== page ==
The whole success of the Arab Revolt was built on the complex foundation of a regular staff, and not in the sphere of operations alone. There were loans to the Arabs of armored cars and aeroplanes, of guns and machine guns and the men to man them, of thirty-five hundred camels, of camel corps, and of infantry to stiffen the Arab army.

Most important of all, perhaps, was the Allenby supply service, and the very able officers who manned it. What would have been Lawrence’s worst problems were solved for him. Feisal’s supporting tribes for miles around were provided for, in addition to which fifty tons of stores were delivered to his Arab army daily with unfailing regularity.

In the background were the gaping money bags pouring gold sovereigns into the Hejaz. They were the lifeblood of the Revolt, running rich and heavy in its veins. All told, ten millions sterling was the direct cost of the Revolt.

Allenby was once asked whether Lawrence would have made a good general of regular forces. ‘A very bad general,’ he replied, ‘but a good Commander in Chief.’ And when Lawrence was asked his opinion of Allenby he said, ‘A great man. . . . And surely a man who can persuade armored cars, cavalry, infantry, camel corps, aeroplanes, warships, and Bedouin irregulars to combine in a single military movement is a great man, is n’t he?’

Lawrence might have added a railway and a twelve-inch water-pipe line all the way across the desert from Egypt, for even those prosaic things do not work of themselves. Without them there could have been no Palestine campaign. And if the Turkish armies had not been annihilated at Megiddo there would have been no armistice in 1918.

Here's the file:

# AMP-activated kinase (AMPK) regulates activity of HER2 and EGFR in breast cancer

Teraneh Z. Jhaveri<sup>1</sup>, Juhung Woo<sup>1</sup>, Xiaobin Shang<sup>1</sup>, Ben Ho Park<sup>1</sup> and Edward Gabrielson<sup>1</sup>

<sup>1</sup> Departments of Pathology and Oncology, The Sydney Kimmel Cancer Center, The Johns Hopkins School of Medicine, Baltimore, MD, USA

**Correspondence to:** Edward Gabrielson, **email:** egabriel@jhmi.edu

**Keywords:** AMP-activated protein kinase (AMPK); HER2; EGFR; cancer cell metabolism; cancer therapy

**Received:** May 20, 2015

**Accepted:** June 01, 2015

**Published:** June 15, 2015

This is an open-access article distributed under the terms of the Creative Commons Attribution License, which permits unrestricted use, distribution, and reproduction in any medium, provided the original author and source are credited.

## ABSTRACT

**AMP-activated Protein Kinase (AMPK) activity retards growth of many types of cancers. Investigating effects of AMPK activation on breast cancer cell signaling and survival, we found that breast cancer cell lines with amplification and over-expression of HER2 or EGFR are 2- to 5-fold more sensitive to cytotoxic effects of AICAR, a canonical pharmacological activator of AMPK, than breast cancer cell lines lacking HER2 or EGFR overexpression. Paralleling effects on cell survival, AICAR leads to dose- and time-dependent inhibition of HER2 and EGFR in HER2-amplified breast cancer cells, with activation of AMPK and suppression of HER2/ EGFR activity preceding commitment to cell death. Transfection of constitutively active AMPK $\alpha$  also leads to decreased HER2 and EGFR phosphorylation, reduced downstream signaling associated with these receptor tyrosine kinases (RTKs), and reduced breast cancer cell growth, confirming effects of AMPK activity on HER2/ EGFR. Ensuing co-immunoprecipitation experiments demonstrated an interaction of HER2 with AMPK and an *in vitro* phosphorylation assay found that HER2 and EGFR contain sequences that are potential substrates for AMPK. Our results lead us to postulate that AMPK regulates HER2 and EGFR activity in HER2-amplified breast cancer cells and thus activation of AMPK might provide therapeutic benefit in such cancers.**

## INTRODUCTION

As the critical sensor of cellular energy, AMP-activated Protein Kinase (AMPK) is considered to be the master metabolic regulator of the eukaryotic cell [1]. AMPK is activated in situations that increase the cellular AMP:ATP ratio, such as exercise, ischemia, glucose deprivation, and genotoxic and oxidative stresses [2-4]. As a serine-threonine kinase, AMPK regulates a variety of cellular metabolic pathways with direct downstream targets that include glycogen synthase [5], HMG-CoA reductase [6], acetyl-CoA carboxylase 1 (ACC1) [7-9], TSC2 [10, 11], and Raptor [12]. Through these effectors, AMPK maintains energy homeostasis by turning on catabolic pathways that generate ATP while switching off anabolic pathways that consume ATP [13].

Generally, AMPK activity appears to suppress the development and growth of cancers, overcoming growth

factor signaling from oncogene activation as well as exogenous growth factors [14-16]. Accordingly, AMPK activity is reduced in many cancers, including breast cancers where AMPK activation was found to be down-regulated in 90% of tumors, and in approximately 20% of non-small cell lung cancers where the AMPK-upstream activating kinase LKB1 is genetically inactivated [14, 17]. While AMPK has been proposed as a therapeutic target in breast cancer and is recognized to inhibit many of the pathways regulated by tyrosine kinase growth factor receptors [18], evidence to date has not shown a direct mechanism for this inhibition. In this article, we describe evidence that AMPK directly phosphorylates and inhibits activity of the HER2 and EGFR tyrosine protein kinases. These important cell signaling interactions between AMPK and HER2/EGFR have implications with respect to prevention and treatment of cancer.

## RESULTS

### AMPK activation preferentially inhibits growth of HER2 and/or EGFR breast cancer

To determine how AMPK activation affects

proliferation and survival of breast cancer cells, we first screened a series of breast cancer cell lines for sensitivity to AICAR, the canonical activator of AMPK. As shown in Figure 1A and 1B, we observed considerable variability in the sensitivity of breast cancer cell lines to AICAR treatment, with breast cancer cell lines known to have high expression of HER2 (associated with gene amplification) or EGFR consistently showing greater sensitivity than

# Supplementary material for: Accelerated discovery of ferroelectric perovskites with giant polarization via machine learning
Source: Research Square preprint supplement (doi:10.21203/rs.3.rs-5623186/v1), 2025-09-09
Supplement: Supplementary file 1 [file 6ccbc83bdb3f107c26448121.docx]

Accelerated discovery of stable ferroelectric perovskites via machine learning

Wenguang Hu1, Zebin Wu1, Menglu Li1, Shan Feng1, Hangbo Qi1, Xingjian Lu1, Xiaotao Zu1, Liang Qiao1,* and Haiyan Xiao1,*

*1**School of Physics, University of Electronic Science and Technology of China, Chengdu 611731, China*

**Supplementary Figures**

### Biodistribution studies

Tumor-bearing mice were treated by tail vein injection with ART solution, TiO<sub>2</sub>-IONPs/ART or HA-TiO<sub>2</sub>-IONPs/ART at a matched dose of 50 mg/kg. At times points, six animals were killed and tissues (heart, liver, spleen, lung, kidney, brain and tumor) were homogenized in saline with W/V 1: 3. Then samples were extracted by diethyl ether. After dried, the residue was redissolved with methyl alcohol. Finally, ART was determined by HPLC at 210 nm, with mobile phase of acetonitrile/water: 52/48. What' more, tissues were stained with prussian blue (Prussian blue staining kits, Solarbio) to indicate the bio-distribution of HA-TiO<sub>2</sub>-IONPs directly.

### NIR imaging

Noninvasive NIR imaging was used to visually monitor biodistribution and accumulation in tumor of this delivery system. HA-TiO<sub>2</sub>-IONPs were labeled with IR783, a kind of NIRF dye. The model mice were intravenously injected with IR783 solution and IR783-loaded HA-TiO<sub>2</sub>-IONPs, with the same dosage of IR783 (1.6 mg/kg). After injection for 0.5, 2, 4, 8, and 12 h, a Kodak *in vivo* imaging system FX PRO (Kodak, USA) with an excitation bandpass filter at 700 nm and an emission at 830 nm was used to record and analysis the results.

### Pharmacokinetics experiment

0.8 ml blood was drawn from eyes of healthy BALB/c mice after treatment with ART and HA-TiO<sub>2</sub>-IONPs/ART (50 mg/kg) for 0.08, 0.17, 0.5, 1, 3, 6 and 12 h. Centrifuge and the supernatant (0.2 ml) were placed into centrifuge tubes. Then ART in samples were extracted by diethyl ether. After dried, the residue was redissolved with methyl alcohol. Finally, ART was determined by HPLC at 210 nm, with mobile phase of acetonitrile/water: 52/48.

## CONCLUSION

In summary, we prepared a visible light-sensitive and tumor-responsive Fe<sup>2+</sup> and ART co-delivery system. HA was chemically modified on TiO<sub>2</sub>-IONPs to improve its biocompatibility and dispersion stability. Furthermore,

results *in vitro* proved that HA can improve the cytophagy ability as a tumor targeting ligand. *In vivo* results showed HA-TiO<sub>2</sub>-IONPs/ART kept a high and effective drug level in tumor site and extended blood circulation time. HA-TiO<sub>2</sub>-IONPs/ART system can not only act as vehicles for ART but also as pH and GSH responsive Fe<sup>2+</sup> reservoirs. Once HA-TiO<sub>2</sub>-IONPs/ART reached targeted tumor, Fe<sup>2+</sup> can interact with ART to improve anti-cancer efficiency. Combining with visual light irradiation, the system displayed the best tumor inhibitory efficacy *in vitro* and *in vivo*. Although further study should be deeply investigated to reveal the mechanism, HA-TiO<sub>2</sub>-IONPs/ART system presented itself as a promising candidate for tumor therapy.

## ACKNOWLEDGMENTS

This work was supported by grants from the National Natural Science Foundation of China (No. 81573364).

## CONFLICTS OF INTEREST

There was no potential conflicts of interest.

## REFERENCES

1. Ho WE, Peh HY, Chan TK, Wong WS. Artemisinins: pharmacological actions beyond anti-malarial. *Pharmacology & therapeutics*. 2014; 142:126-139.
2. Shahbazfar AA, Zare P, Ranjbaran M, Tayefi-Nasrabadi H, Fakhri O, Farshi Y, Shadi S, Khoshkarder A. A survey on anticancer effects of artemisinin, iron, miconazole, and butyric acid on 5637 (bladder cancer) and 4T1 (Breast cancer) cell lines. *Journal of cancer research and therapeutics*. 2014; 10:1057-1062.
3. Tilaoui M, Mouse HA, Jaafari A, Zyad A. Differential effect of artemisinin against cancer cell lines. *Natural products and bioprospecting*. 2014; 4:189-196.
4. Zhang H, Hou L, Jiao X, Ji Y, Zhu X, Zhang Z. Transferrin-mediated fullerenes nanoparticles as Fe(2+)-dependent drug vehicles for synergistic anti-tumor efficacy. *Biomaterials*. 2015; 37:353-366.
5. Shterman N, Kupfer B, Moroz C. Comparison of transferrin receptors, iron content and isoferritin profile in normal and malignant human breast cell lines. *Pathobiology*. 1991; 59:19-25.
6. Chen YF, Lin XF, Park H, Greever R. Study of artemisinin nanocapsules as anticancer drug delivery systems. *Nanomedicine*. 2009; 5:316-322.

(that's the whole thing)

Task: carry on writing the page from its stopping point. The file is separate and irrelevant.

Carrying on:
As General Wavell in his official history remarks: ‘The famous epigram of Tacitus on the Romans, “They make a desert and call it peace,” might aptly be inverted for this British advance, “They turn a desert into a workshop and call it war.” ’


When in 1922 a European monarch complained that the day’s news had brought word of five fresh republics in Europe, Lawrence was able to reply, ‘Courage, sir. We have just made three kings in the East.’ Feisal had been crowned king in Baghdad, Abdullah ruled in Transjordania, and Hussein had been set up in Mecca. The Arab Revolt was ended, and British promises had been redeemed.

This end was as much Lawrence’s work as the achievement of the campaign in the field had been. He spent those years after the war fighting for Arab independence. His new battleground was the conference table, with the intangible ammunition of words, in a struggle no less wearing than the desert campaign when a bullet was an unanswerable argument.

The manufacture of this threefold Arab empire was not enough to occupy his energies. He was at the same time writing, and in larger measure rewriting, Seven Pillars of Wisdom. Text I was lost, stolen from him when he left his bag for a moment on the platform of Reading Station. Text II he burned because he was dissatisfied with it. Together these two amounted to 650,000 words. Text III, the basis of Seven Pillars as we know it, came to 350,000 words. These three texts, a sum of nearly a million words, were written as a leisure task in the three years between February 1919 and February 1922.

He had been exhausted when he reached Damascus. These three years of incredible labor left him worn out mentally and spiritually.